Saturday, May 8, 2021

Our Stone Age Ancestors

 From SciTechDaily:

In a paper published in the Yearbook of the American Physical Anthropology Association, Dr. Miki Ben-Dor and Prof. Ran Barkai of the Jacob M. Alkov Department of Archaeology at Tel Aviv University, together with Raphael Sirtoli of Portugal, show that humans were an apex predator for about two million years. Only the extinction of larger animals (megafauna) in various parts of the world, and the decline of animal food sources toward the end of the stone age, led humans to gradually increase the vegetable element in their nutrition, until finally they had no choice but to domesticate both plants and animals — and became farmers.

“So far, attempts to reconstruct the diet of stone-age humans were mostly based on comparisons to 20th century hunter-gatherer societies,” explains Dr. Ben-Dor. “This comparison is futile, however, because two million years ago hunter-gatherer societies could hunt and consume elephants and other large animals — while today’s hunter gatherers do not have access to such bounty. The entire ecosystem has changed, and conditions cannot be compared. We decided to use other methods to reconstruct the diet of stone-age humans: to examine the memory preserved in our own bodies, our metabolism, genetics, and physical build. Human behavior changes rapidly, but evolution is slow. The body remembers.” (Read more.)

 From Science News:

When some of the earliest human migrants to Europe encountered Neandertals already living there around 45,000 years ago, hookups flourished.

Analyses of DNA found in human fossils from around that time — the oldest known human remains in Europe — suggest that interbreeding between Homo sapiens and Neandertals, who were on the fast track to extinction, occurred more commonly than has often been assumed, two new studies suggest.

Genetic evidence in the new reports indicates for the first time that distinct human populations reached Europe shortly after 50,000 years ago. Neandertals interbred with all the groups detected so far, ensuring that some of their genes live on today in our DNA.

Remains of three H. sapiens individuals unearthed in Bulgaria’s Bacho Kiro Cave yielded nuclear DNA containing Neandertal contributions of about 3 to 4 percent, evolutionary geneticist Mateja Hajdinjak of the Francis Crick Institute in London and colleagues report April 7 in Nature. The ancient DNA came from a tooth and two bone fragments radiocarbon dated to between around 43,000 and 46,000 years ago. Stone tools typical of late Stone Age humans were found in the same sediment as the fossils. (Read more.)

From Science:

Bones and teeth are important sources of Pleistocene hominin DNA, but are rarely recovered at archaeological sites. Mitochondrial DNA has been retrieved from cave sediments, but provides limited value for studying population relationships. We therefore developed methods for the enrichment and analysis of nuclear DNA from sediments, and applied them to cave deposits in western Europe and southern Siberia dated to between approximately 200,000 and 50,000 years ago. We detect a population replacement in northern Spain approximately 100,000 years ago, accompanied by a turnover of mitochondrial DNA. We also identify two radiation events in Neanderthal history during the early part of the Late Pleistocene. Our work lays the ground for studying the population history of ancient hominins from trace amounts of nuclear DNA in sediments. (Read more.)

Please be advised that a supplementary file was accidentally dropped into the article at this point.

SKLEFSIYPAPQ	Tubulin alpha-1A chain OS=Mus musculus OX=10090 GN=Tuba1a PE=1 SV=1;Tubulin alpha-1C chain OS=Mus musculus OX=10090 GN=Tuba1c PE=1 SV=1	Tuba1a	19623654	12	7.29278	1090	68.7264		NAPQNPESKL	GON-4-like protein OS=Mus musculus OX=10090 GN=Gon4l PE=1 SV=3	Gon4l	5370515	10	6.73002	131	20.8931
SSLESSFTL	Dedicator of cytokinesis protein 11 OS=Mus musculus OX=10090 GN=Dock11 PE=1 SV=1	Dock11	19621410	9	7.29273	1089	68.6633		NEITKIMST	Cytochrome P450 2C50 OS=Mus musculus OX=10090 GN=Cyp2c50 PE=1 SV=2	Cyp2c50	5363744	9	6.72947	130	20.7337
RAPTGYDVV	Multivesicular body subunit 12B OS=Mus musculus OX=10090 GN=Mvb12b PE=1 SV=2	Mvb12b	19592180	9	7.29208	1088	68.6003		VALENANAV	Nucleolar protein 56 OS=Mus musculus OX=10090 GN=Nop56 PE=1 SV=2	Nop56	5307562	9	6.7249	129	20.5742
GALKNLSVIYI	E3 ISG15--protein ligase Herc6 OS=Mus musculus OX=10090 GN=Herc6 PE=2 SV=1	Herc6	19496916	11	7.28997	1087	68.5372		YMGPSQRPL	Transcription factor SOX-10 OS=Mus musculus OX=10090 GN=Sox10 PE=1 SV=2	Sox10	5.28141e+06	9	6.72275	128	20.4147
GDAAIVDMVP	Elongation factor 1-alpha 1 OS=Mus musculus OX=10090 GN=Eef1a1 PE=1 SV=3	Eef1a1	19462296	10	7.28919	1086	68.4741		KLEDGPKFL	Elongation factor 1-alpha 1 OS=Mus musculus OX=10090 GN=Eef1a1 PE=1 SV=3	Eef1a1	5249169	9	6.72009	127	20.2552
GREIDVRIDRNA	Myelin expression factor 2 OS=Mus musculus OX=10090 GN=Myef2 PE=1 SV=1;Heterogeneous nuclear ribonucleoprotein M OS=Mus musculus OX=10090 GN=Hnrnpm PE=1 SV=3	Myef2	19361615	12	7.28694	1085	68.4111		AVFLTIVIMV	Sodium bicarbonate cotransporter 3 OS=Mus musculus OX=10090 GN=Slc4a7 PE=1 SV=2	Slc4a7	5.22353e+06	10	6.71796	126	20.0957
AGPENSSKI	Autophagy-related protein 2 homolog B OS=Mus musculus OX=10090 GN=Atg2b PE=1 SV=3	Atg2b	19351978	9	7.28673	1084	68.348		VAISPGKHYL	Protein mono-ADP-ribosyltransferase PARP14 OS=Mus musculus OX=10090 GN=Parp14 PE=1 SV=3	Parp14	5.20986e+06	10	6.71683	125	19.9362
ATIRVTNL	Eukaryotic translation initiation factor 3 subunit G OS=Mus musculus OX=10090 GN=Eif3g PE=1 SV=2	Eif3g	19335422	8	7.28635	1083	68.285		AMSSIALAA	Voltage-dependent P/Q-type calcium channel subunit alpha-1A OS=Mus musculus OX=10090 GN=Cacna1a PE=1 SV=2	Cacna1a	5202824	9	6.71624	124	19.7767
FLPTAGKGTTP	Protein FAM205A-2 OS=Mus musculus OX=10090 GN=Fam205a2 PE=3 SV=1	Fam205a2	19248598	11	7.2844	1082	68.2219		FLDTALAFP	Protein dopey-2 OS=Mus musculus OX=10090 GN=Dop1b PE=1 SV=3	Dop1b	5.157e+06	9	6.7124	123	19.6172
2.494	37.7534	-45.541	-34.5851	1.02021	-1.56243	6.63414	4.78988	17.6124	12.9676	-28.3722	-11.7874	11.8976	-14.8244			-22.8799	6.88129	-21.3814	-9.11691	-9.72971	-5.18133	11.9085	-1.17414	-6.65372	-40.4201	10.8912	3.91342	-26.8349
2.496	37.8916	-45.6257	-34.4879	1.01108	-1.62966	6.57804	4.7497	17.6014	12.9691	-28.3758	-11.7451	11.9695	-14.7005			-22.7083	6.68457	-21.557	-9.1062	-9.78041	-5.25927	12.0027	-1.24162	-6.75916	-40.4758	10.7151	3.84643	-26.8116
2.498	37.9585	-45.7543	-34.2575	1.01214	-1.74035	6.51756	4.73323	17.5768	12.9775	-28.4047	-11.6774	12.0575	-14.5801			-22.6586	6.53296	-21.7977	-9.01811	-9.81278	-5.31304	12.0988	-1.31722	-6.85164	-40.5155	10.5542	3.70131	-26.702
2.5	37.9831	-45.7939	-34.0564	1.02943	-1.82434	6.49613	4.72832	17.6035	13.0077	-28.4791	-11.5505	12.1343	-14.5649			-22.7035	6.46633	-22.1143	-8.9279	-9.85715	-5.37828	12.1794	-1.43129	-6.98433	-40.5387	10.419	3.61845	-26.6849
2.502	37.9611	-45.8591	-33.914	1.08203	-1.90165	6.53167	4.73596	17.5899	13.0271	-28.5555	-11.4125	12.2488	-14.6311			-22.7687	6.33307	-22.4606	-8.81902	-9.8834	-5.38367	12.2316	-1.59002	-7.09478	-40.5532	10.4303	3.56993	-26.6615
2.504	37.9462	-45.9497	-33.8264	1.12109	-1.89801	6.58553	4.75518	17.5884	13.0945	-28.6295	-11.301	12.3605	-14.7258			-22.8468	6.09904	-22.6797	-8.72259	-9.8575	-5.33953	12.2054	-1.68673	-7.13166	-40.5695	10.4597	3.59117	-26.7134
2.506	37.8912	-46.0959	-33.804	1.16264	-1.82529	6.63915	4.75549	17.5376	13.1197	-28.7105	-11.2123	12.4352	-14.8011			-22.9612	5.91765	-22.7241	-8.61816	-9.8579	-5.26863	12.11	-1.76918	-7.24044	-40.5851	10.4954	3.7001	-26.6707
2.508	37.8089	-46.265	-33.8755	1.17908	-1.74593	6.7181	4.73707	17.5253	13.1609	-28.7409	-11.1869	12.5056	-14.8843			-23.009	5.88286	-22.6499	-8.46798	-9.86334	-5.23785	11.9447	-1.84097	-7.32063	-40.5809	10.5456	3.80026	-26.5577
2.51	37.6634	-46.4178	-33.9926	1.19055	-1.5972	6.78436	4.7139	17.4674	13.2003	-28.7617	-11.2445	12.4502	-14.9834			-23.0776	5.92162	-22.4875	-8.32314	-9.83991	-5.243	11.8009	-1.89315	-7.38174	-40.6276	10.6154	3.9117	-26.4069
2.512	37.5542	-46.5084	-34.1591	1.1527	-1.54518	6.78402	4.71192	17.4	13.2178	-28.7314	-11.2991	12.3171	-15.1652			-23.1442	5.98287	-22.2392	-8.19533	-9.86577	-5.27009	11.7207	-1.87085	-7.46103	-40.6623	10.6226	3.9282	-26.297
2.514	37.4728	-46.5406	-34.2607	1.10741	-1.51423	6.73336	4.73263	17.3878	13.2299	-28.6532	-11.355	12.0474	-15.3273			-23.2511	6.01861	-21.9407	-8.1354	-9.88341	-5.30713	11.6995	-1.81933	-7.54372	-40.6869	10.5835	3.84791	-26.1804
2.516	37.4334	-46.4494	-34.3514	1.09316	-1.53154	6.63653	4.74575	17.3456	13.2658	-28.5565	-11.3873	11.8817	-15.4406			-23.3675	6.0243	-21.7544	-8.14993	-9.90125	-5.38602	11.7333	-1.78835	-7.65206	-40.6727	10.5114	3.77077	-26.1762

From Atlas Obscura:

The more than 10,000 animal bones excavated from the site so far include at least 50 mammal species that reflect the region’s position at the crossroads of three continents: rhinoceros, elephants, deer, ostriches, and horses. And oh so many carnivores: the coyote-sized Etruscan wolf, two species of saber-toothed cat, lynx, bears, giant hyenas, the lion-sized European jaguar, and the ecosystem’s fearsome apex predator, Acinonyx pardinensis, a giant cheetah.

“Dmanisi has the strangest fauna,” says Ferring. It suggests, he says, “you’re looking at a patchwork of forest and grassland. There was something there for everybody, which explains the diversity.”

In this carnivore-rich ecosystem, the early humans were more likely scavengers than hunters—and also sometimes dinner. Some of the animal bones show signs that the hominins butchered them, slicing off meat with stone tools, and some of the hominin bones have gnaw marks. Ferring believes that resource-rich Dmanisi may have been a good spot for a carnivore to raise a family. There is evidence that many of the bones were deposited in burrows dug by animals or in natural, nest-like folds in the promontory’s basalt. “The carnivores found the perfect place for denning, which means they were bringing food to their young,” he says. (Read more.) 


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